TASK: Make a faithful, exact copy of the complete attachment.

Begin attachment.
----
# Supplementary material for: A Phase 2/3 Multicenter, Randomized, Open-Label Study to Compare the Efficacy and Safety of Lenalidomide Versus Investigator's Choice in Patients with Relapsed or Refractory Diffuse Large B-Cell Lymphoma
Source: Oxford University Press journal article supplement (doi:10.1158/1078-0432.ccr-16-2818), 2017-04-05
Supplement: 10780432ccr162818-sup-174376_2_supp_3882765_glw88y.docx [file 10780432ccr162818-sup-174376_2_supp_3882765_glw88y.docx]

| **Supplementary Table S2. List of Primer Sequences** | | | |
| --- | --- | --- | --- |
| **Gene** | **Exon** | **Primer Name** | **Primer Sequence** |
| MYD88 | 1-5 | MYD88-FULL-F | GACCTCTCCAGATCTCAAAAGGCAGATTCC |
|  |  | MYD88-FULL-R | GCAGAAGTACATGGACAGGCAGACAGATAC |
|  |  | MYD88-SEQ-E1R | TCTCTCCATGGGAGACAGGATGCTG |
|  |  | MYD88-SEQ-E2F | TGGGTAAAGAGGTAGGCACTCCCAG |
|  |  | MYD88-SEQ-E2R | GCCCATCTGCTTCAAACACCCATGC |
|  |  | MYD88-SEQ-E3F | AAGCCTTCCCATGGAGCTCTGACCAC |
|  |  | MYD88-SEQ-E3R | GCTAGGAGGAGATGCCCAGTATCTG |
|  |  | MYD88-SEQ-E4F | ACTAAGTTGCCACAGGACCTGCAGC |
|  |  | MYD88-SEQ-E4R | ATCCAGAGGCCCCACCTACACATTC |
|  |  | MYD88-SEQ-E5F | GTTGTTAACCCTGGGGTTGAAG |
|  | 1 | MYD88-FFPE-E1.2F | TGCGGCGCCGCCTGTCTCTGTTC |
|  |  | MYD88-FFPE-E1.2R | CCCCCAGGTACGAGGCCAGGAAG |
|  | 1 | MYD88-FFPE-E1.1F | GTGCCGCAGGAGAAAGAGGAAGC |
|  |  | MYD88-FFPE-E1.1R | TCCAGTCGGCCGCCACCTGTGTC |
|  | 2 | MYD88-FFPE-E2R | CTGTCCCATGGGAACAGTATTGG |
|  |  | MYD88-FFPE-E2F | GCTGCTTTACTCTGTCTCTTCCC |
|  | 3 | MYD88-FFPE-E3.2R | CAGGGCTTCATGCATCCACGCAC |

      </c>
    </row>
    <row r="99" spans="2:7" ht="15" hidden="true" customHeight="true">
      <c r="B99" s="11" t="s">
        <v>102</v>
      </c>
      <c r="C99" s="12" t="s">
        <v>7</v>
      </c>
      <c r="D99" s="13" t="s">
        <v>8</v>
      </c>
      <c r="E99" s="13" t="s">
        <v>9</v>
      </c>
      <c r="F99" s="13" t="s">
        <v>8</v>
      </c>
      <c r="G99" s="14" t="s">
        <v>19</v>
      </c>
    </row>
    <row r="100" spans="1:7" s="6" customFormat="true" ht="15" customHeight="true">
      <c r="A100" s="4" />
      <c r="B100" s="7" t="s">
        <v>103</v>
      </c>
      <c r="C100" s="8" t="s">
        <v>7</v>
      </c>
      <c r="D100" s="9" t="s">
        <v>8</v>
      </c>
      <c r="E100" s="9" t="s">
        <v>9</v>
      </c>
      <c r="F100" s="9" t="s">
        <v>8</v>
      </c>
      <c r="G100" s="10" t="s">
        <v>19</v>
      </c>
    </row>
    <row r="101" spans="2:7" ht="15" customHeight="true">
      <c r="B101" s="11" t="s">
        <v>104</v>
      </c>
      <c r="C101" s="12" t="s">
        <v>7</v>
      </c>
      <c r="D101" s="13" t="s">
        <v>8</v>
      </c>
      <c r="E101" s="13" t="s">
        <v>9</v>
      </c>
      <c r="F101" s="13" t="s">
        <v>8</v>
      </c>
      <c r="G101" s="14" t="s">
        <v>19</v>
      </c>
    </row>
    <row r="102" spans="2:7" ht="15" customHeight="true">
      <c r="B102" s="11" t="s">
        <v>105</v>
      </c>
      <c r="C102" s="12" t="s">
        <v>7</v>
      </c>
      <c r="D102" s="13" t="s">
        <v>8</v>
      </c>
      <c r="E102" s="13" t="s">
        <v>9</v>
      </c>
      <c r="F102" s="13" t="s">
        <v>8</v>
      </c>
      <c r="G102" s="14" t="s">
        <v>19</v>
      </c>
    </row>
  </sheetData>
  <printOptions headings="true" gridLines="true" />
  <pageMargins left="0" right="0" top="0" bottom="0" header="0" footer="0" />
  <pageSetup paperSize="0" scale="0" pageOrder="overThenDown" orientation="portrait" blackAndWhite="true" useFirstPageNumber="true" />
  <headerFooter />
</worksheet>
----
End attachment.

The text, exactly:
# Supplementary material for: A Phase 2/3 Multicenter, Randomized, Open-Label Study to Compare the Efficacy and Safety of Lenalidomide Versus Investigator's Choice in Patients with Relapsed or Refractory Diffuse Large B-Cell Lymphoma
Source: Oxford University Press journal article supplement (doi:10.1158/1078-0432.ccr-16-2818), 2017-04-05
Supplement: 10780432ccr162818-sup-174376_2_supp_3882765_glw88y.docx [file 10780432ccr162818-sup-174376_2_supp_3882765_glw88y.docx]

| **Supplementary Table S2. List of Primer Sequences** | | | |
| --- | --- | --- | --- |
| **Gene** | **Exon** | **Primer Name** | **Primer Sequence** |
| MYD88 | 1-5 | MYD88-FULL-F | GACCTCTCCAGATCTCAAAAGGCAGATTCC |
|  |  | MYD88-FULL-R | GCAGAAGTACATGGACAGGCAGACAGATAC |
|  |  | MYD88-SEQ-E1R | TCTCTCCATGGGAGACAGGATGCTG |
|  |  | MYD88-SEQ-E2F | TGGGTAAAGAGGTAGGCACTCCCAG |
|  |  | MYD88-SEQ-E2R | GCCCATCTGCTTCAAACACCCATGC |
|  |  | MYD88-SEQ-E3F | AAGCCTTCCCATGGAGCTCTGACCAC |
|  |  | MYD88-SEQ-E3R | GCTAGGAGGAGATGCCCAGTATCTG |
|  |  | MYD88-SEQ-E4F | ACTAAGTTGCCACAGGACCTGCAGC |
|  |  | MYD88-SEQ-E4R | ATCCAGAGGCCCCACCTACACATTC |
|  |  | MYD88-SEQ-E5F | GTTGTTAACCCTGGGGTTGAAG |
|  | 1 | MYD88-FFPE-E1.2F | TGCGGCGCCGCCTGTCTCTGTTC |
|  |  | MYD88-FFPE-E1.2R | CCCCCAGGTACGAGGCCAGGAAG |
|  | 1 | MYD88-FFPE-E1.1F | GTGCCGCAGGAGAAAGAGGAAGC |
|  |  | MYD88-FFPE-E1.1R | TCCAGTCGGCCGCCACCTGTGTC |
|  | 2 | MYD88-FFPE-E2R | CTGTCCCATGGGAACAGTATTGG |
|  |  | MYD88-FFPE-E2F | GCTGCTTTACTCTGTCTCTTCCC |
|  | 3 | MYD88-FFPE-E3.2R | CAGGGCTTCATGCATCCACGCAC |

      </c>
    </row>
    <row r="99" spans="2:7" ht="15" hidden="true" customHeight="true">
      <c r="B99" s="11" t="s">
        <v>102</v>
      </c>
      <c r="C99" s="12" t="s">
        <v>7</v>
      </c>
      <c r="D99" s="13" t="s">
        <v>8</v>
      </c>
      <c r="E99" s="13" t="s">
        <v>9</v>
      </c>
      <c r="F99" s="13" t="s">
        <v>8</v>
      </c>
      <c r="G99" s="14" t="s">
        <v>19</v>
      </c>
    </row>
    <row r="100" spans="1:7" s="6" customFormat="true" ht="15" customHeight="true">
      <c r="A100" s="4" />
      <c r="B100" s="7" t="s">
        <v>103</v>
      </c>
      <c r="C100" s="8" t="s">
        <v>7</v>
      </c>
      <c r="D100" s="9" t="s">
        <v>8</v>
      </c>
      <c r="E100" s="9" t="s">
        <v>9</v>
      </c>
      <c r="F100" s="9" t="s">
        <v>8</v>
      </c>
      <c r="G100" s="10" t="s">
        <v>19</v>
      </c>
    </row>
    <row r="101" spans="2:7" ht="15" customHeight="true">
      <c r="B101" s="11" t="s">
        <v>104</v>
      </c>
      <c r="C101" s="12" t="s">
        <v>7</v>
      </c>
      <c r="D101" s="13" t="s">
        <v>8</v>
      </c>
      <c r="E101" s="13" t="s">
        <v>9</v>
      </c>
      <c r="F101" s="13" t="s">
        <v>8</v>
      </c>
      <c r="G101" s="14" t="s">
        <v>19</v>
      </c>
    </row>
    <row r="102" spans="2:7" ht="15" customHeight="true">
      <c r="B102" s="11" t="s">
        <v>105</v>
      </c>
      <c r="C102" s="12" t="s">
        <v>7</v>
      </c>
      <c r="D102" s="13" t="s">
        <v>8</v>
      </c>
      <c r="E102" s="13" t="s">
        <v>9</v>
      </c>
      <c r="F102" s="13" t="s">
        <v>8</v>
      </c>
      <c r="G102" s="14" t="s">
        <v>19</v>
      </c>
    </row>
  </sheetData>
  <printOptions headings="true" gridLines="true" />
  <pageMargins left="0" right="0" top="0" bottom="0" header="0" footer="0" />
  <pageSetup paperSize="0" scale="0" pageOrder="overThenDown" orientation="portrait" blackAndWhite="true" useFirstPageNumber="true" />
  <headerFooter />
</worksheet>